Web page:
The new custom mapping tool lets users draw on relative abundance and weekly abundance maps to identify the percentage of the population within a specified area. This tool is particularly useful to assess areas of importance for birds that cross political boundaries.
Shorebirds, for example, use habitat all along the Pacific Flyway crossing multiple jurisdictions as they migrate to and from their arctic breeding grounds and nonbreeding sites throughout the Americas. State summaries of relative abundance are helpful, but the new custom mapping tool lets us estimate what percentage of the population specific regions support.
In southern California and northern Mexico, the custom mapping tool lets us examine relative abundance of Western Sandpipers across political boundaries. In this location, we see that nearly 10% of the population uses agricultural fields in and around Mexicali, el Centro, and Yuma as they make their way from the arctic breeding grounds. These fields are likely important stopover sites for Western Sandpipers, important details that can help inform conservation management work with local landowners to ensure continued habitat availability.
Discover when to go birding
On the weekly abundance maps, the custom mapping tool displays a graph of the percent of the population for each week, highlighting when species are expected to be more common.
Drawing a custom shape around where you live can help you pinpoint when the largest percentage of the population is likely to be present. In the example below, Connecticut Warblers are more common in the Chicago metropolitan area during the week of May 17 and the week of September 6—a great time to go looking for them during migration.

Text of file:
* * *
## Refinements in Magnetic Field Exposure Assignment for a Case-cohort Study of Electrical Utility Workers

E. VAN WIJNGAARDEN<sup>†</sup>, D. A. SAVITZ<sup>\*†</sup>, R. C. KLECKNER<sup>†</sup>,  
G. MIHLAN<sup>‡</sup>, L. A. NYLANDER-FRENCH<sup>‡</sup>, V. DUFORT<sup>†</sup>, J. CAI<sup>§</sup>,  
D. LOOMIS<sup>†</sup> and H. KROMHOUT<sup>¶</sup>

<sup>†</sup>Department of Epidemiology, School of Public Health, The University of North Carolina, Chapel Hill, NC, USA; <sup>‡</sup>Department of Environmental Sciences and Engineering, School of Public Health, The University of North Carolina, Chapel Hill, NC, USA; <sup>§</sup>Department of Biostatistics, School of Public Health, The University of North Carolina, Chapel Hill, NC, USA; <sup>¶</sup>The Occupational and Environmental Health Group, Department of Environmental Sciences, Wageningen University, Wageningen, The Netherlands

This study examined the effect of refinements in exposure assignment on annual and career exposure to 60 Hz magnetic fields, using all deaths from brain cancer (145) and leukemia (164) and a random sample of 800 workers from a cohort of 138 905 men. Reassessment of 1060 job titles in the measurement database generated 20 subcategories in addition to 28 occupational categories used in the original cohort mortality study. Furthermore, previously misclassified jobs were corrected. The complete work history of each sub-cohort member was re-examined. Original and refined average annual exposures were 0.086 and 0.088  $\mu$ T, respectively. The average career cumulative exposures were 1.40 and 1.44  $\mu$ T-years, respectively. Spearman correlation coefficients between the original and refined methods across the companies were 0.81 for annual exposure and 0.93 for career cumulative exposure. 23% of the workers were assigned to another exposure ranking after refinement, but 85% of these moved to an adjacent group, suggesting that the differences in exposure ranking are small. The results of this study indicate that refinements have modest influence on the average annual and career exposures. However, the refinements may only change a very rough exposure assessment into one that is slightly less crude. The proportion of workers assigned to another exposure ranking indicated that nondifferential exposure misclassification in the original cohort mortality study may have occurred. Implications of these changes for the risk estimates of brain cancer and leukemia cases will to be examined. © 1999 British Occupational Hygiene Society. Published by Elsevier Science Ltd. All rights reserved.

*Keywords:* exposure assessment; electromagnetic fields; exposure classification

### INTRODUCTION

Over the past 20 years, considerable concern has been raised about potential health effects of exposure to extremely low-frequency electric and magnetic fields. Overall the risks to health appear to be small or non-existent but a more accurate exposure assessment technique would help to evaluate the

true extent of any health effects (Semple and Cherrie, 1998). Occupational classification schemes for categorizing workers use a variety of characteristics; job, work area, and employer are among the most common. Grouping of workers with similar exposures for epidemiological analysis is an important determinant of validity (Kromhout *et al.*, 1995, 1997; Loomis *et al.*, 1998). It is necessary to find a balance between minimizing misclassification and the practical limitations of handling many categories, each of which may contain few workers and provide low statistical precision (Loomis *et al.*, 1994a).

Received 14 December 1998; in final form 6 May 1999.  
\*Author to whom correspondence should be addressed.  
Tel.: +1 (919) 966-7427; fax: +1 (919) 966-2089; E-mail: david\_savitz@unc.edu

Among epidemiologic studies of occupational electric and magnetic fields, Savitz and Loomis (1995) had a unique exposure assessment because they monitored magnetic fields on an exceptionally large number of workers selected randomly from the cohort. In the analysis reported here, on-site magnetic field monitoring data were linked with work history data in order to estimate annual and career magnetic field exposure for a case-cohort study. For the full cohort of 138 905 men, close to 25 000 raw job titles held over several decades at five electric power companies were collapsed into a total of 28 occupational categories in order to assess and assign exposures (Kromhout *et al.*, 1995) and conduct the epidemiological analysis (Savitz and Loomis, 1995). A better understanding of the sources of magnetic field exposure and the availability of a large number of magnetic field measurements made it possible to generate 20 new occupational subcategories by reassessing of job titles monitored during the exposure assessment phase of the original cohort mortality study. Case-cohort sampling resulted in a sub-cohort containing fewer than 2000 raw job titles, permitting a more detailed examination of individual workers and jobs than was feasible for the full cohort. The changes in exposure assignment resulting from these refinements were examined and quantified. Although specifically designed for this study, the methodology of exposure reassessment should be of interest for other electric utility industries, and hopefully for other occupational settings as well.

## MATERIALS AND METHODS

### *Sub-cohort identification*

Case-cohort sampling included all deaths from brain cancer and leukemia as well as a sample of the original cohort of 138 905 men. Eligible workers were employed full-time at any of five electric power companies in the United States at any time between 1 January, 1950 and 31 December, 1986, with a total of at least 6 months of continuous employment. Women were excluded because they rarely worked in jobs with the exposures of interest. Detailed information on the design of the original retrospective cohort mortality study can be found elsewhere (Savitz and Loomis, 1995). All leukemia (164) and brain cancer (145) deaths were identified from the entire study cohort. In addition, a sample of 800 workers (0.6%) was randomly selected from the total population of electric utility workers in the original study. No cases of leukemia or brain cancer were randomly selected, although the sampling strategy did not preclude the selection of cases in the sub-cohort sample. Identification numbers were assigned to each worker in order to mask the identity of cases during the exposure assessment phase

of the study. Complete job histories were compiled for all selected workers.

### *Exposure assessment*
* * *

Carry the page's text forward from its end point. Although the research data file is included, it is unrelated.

This tool can also help determine when species will be moving through certain areas to aid in planning for lights out periods to reduce bird collisions.
How to use the mapping tool
The custom mapping tool is available for abundance and weekly Status data products. To get custom shape stats for a specific region, enable draw mode by clicking the square button in the top-left corner of the map or click the “Draw shape” button in the right-side panel. Reducing the layer opacity using the slider in the right-side panel will make it easier to see the underlying basemap. For more information on how to use the custom mapping tool see the FAQ.
After creating the new shape, the percent of the population for each season within the specified area displays on the right panel. Custom shapes will remain on the map as you change between data products and species, allowing you to compare the percent of the population for multiple species or compare across multiple areas of interest.
Download trend results
Trends maps for 852 species are currently available where the necessary data exists. Your eBirding can help that number to keep growing. As more eBird data comes in from more locations, eBird data scientists will be able to predict status and trends for additional species around the globe.
“We’ll be adding additional functions to eBird Trends moving forward,” said Lab geospatial data science lead Tom Auer. “It’s a credit to all eBirders that we were able to create this level of localization, to make a daunting environmental issue something that individuals can influence simply by reporting their backyard birds.”